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Meaningful Health Care Informatics Blog

May 8 2011   9:36PM GMT

How to handle a security breach in a health care environment

Posted by: RedaChouffani
breach, data breach, data security, HHS, HIPAA, Privacy Rule

By now we have all heard and seen the headlines surrounding the recent trouble Sony is facing due to their IT security breach.  Not only has it been reported that their gaming network has been compromised and consumer data stolen, but some of their internal servers have been reported as breached as well.  This illustrates the growing capabilities of organized hackers and supports the fact that, no matter how big the firm, there is always the potential for real vulnerabilities in their systems.  This most recent event was a PR nightmare for Sony, and with the reports of what actually happened not being released until many days later, it begs the question: How should an organization react?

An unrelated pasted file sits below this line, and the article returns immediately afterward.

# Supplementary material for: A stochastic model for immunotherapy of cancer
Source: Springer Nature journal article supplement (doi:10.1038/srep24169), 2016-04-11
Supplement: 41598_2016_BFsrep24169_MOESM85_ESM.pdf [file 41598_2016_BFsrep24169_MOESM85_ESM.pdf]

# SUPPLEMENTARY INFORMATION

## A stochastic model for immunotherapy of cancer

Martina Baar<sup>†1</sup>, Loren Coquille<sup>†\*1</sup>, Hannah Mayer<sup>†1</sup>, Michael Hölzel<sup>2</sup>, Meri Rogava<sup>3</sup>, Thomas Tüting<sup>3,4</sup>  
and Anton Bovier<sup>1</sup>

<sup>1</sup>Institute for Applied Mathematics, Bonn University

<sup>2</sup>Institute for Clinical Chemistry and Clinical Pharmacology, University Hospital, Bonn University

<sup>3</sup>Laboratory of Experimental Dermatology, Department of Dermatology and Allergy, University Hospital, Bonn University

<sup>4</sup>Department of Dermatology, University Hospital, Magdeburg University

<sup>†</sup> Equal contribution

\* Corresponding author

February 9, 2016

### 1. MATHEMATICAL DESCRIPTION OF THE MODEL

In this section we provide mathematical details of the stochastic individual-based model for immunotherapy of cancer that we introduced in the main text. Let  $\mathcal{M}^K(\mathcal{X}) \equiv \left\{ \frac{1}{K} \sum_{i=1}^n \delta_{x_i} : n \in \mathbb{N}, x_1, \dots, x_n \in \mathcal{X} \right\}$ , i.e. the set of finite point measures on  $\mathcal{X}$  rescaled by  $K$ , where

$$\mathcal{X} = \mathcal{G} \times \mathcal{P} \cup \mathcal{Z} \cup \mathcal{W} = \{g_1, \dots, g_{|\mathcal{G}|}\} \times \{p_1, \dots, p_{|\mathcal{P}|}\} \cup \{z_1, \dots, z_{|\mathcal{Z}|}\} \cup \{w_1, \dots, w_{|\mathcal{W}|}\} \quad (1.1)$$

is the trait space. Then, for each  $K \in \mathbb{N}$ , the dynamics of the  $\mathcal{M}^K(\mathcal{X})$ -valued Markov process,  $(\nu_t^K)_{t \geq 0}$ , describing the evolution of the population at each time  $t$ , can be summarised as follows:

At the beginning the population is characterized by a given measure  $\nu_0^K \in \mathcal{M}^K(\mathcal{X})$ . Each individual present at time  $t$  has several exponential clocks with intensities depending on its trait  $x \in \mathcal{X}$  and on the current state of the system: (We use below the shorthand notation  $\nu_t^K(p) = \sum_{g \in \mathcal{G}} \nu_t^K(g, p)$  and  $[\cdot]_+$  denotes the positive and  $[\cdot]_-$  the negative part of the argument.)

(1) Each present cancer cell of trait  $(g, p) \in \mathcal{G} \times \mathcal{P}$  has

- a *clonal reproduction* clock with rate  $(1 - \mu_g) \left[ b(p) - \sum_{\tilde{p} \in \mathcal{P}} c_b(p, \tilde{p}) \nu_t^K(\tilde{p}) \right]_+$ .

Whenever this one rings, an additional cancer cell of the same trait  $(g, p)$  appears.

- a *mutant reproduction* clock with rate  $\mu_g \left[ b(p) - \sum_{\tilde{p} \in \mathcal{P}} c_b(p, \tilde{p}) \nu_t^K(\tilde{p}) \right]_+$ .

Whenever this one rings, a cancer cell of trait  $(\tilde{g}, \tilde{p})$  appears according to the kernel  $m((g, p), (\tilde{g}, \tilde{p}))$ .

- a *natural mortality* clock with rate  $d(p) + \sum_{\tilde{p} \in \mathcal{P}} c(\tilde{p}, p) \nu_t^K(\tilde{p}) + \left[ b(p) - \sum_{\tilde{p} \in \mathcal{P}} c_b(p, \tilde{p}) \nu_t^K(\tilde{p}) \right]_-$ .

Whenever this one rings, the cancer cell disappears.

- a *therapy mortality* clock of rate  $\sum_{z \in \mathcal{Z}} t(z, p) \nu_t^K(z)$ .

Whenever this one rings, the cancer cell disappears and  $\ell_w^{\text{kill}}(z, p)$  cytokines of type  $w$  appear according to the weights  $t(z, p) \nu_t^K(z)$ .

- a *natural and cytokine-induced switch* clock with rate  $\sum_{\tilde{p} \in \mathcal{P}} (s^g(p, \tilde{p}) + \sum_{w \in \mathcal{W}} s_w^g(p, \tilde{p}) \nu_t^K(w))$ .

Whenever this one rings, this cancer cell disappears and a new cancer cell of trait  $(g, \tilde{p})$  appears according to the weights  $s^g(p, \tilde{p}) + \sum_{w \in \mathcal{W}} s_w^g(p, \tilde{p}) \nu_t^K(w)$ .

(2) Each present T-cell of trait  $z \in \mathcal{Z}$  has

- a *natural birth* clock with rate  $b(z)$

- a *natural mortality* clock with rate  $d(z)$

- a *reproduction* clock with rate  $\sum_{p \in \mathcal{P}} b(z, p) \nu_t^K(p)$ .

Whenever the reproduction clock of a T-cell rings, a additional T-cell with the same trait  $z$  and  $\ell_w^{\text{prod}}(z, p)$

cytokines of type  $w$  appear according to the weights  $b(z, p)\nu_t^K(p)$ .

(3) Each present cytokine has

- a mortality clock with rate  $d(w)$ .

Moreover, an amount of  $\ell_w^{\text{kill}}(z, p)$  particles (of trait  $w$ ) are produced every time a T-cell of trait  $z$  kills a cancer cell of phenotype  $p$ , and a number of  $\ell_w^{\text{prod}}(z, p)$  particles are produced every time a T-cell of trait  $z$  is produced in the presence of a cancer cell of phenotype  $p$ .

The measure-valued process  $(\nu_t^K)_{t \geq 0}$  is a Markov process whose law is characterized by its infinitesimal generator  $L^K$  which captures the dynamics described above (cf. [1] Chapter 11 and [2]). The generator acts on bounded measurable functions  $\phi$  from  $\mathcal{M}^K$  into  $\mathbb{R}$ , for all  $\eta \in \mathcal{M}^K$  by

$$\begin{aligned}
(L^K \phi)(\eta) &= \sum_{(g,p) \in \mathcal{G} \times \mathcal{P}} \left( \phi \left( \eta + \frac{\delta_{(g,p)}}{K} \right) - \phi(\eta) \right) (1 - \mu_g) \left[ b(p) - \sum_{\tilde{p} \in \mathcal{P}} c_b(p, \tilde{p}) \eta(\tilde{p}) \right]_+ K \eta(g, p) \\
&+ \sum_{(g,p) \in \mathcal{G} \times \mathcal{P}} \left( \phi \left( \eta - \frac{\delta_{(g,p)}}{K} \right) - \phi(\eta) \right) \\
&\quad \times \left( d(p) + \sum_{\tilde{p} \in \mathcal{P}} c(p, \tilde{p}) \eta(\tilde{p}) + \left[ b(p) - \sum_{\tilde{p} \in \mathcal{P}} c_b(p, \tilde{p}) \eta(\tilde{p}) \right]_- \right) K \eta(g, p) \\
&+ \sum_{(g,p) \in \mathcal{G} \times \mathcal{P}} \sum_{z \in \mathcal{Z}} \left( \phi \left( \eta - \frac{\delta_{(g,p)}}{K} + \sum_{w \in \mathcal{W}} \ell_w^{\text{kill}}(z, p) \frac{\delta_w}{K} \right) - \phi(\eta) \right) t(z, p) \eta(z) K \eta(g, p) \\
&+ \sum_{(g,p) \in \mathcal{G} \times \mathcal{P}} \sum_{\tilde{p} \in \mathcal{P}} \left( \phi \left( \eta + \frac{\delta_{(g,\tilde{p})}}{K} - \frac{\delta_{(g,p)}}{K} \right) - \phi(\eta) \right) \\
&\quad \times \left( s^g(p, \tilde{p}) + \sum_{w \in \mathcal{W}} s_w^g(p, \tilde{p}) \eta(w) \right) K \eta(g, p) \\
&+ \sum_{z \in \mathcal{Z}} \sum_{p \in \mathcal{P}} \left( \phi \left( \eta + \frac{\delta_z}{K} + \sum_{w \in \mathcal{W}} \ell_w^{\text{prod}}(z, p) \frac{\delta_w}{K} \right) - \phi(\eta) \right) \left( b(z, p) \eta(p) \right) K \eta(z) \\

In the health care setting, patient information is extremely sensitive, with records containing social security numbers and detailed medical history. As such, an organization must have an action plan and place and always be ready to defend its infrastructure as well as respond appropriately — and timely —  to any breaches of data.

When a breach occurs in health care, meaning that there was an impermissible use or disclosure under the Privacy Rule that compromises the security or privacy of the protected health information, such that the use or disclosure poses a significant risk of financial, reputational, or other harm to the affected individual, then the following steps must be taken:

Local authorities notification and report filing:

  • Notify the local police and file a police with report with the details
  • Internal organizations notification:

Notify the IT director, CIO, security officer, legal team, etc.

  • Begin taken steps based on any existing procedures to isolate or take offline the affected systems in order to stop further unauthorized access